The following train of thought wreaked through my brains while I was having a lunch time discussion with my fellow colleagues.
Joke as a consequence of classification
All jokes appeared to be based on some form of classification. I couldn’t think of a joke that wasn’t rooted in classification. In case of a racial, gender or “Your mama’s so fat…” jokes, the classification is very apparent. (In case you didn’t get the classification of the last one, it is anatomical.) However, there are other classes of jokes for which the classification is not so straight forward.
Homonyms and puns superficially seem to allude the former group. However, it can be argued that the semantics of the various possibilities form an intrinsic set of classes. For example, in the sentence, “Atheism is a non-prophet institution”, the intrinsic classes are profit and prophet. A listener should have prior knowledge to decode this classification. Failure to do so, will cause the joke to rot in hell. Such intrinsic classification is inherent in most jokes that uses some kind of linguistic property.
Joke or Jealousy?
The classification theory started to fall apart when Rueben (the same colleague who had visited Mosque Road and Samarkand with me) pointed out a great problem associated with the theory. What if the classification causes a desire to acquire the attributes of the other class?
Let us take the case of “Your mama’s so fat…” construct. This classification of fat vs lean body need not necessarily create a joke. I can construct one which goes like this – “Your mama’s so thin that she got hired as a zero-sized model.” It is no more funny. Here lies the catch. It is no more funny to people who think that being fat is not a desirable trait. It could be funny to people who view being anorexia as a less than desirable trait.
Thus we come across the second fundamental necessity to construct a joke. The audience must find the outcome of the classification to be inferior. Otherwise, they might form a desirable trait. For example, let’s take the Indian society fixated on fair skin. I bet most people in India would laugh at “Your wife’s so black…” jokes. This is what fuels the sales of a strange cosmetic product called Fair & Lovely. I am sure that the husband would not find it amusing at all.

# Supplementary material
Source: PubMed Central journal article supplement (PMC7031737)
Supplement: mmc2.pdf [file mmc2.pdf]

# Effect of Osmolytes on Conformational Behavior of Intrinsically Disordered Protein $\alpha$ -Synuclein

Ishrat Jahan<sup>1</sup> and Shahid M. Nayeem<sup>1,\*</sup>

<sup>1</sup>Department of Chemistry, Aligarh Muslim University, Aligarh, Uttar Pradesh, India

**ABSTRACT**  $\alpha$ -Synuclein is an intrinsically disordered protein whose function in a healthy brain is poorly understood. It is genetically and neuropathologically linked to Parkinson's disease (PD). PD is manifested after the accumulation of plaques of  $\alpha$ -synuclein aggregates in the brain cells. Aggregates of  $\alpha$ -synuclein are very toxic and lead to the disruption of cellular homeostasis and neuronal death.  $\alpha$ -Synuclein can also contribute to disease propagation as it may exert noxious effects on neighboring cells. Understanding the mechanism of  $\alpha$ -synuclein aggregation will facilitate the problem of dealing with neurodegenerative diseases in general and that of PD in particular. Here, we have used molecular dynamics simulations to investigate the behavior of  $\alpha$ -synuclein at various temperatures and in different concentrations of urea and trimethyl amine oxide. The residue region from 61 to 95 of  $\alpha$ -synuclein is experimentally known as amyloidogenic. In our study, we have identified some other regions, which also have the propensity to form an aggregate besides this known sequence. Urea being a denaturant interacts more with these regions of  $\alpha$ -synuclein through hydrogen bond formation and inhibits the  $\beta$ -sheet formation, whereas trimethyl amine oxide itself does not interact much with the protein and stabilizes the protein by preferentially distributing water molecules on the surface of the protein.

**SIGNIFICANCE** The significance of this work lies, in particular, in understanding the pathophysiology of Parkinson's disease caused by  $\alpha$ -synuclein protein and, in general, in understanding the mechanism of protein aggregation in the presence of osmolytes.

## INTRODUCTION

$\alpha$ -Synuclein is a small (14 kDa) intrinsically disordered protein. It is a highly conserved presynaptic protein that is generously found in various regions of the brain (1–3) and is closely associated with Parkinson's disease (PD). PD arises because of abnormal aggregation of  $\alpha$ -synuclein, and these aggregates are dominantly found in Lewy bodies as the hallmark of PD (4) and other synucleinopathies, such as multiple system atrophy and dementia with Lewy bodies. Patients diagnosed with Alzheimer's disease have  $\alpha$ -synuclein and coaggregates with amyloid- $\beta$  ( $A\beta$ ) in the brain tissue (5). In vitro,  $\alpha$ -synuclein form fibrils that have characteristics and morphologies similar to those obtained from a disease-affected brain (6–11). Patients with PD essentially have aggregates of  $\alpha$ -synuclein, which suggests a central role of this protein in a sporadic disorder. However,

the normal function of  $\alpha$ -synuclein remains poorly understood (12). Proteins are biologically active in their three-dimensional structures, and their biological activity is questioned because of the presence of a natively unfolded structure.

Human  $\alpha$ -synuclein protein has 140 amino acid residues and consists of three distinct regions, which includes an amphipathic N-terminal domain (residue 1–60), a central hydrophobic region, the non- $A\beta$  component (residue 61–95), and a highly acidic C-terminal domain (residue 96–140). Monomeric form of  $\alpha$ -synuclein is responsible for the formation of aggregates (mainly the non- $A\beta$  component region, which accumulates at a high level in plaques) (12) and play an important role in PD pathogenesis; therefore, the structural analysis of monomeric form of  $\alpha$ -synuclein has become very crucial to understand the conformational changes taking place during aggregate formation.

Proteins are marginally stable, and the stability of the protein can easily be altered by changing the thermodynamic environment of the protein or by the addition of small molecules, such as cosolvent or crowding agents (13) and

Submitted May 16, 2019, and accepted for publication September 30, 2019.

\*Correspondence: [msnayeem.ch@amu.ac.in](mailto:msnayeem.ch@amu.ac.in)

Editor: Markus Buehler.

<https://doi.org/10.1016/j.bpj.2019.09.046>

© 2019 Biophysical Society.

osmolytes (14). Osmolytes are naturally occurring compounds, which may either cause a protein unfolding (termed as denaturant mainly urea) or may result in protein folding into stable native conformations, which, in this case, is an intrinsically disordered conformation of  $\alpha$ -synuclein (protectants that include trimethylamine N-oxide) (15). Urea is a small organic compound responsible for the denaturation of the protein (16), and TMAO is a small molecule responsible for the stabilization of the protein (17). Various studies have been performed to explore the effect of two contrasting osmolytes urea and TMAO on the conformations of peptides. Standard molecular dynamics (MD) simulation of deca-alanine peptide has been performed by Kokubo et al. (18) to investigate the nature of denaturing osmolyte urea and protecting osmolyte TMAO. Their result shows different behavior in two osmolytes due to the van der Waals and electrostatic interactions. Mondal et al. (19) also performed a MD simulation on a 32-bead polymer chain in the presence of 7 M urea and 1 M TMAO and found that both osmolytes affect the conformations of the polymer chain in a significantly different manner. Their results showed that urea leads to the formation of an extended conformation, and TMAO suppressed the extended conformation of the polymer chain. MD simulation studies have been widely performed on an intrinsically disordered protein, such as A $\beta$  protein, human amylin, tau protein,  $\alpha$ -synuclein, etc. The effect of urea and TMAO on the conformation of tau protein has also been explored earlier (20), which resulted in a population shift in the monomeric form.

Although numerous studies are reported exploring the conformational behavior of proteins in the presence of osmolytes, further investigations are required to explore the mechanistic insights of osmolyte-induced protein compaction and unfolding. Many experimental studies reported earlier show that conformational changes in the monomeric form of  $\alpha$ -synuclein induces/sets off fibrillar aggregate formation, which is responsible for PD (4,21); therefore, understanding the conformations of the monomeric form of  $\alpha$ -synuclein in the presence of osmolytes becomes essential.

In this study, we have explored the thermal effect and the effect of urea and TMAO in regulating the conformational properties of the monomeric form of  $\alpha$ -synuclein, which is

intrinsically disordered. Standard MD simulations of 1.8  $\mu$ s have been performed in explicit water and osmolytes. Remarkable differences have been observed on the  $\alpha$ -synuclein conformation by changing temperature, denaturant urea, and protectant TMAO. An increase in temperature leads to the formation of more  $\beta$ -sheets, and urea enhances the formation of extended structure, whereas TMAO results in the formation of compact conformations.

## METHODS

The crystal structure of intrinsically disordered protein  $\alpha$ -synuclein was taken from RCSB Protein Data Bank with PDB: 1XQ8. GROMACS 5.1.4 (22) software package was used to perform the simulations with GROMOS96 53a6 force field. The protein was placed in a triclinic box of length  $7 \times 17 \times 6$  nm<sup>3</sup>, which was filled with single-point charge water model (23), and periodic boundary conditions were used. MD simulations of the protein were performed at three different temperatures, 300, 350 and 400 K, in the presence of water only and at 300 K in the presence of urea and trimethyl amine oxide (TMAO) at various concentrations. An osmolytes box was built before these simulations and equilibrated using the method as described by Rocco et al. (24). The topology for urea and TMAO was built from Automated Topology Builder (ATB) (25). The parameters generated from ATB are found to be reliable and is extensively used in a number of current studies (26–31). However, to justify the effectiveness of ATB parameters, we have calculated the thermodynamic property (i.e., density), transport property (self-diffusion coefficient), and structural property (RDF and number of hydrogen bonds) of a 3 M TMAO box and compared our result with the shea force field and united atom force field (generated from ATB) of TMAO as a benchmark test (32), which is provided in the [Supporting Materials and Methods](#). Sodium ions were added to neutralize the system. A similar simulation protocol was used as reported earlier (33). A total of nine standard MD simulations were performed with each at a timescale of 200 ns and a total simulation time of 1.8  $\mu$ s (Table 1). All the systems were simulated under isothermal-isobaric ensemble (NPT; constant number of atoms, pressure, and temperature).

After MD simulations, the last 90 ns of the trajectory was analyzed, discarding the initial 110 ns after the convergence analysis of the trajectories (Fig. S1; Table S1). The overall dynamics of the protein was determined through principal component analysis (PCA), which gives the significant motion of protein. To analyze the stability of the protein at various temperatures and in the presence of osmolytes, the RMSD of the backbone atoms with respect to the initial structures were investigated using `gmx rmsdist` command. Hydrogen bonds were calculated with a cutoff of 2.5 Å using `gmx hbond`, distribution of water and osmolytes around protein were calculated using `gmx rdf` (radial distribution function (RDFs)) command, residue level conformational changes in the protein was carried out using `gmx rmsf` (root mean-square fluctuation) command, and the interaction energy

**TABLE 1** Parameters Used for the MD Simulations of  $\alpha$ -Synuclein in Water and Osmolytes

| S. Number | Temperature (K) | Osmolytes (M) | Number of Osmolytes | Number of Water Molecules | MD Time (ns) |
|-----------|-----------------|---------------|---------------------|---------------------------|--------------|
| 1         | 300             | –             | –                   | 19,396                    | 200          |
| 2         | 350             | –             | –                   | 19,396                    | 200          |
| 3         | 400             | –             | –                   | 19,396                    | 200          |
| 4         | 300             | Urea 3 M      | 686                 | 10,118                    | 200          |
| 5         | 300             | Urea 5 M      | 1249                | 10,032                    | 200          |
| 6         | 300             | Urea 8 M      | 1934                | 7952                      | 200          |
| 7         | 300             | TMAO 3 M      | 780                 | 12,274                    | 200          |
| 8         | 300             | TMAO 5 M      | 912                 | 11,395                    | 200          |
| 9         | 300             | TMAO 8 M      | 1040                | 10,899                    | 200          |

Thus a hierarchical stratification of classes that are obtained as a result of classification is necessary. It may lead to a joke or it may lead to jealousy. Assuming that the husband in the previous example is sensible, he would not be bothered by such silly remarks. Thus, even if he has accepted the classification (fair and dark both exist) but refuses to hierarchically stratify the classes (fair is superior to dark or vice versa) will not find the joke funny.
Let me address another question. What about self-depreciating humour? The necessity is that the audience must find the class to be inferior and not the person delivering the joke. No wonder that “misfortune”, a less than desirable outcome in most self-depreciating jokes, finds the most amount of laughs in a stand-up comedy routine.
Does that affect the puns?
Actually, even jokes that rely on wordplay require the hierarchical stratification of classes. It is necessary that the audience does that exercise on the various semantic outcomes of such statements. The laugh ensues when they hit upon the one that is absurd. For most people, the hierarchy is something like reality is better than the impossible, which in turn is better than the improbable.
Note: I will be more than happy to entertain counter examples. I sincerely doubt if my two hour thought process would topple the centuries old study on theories of humour.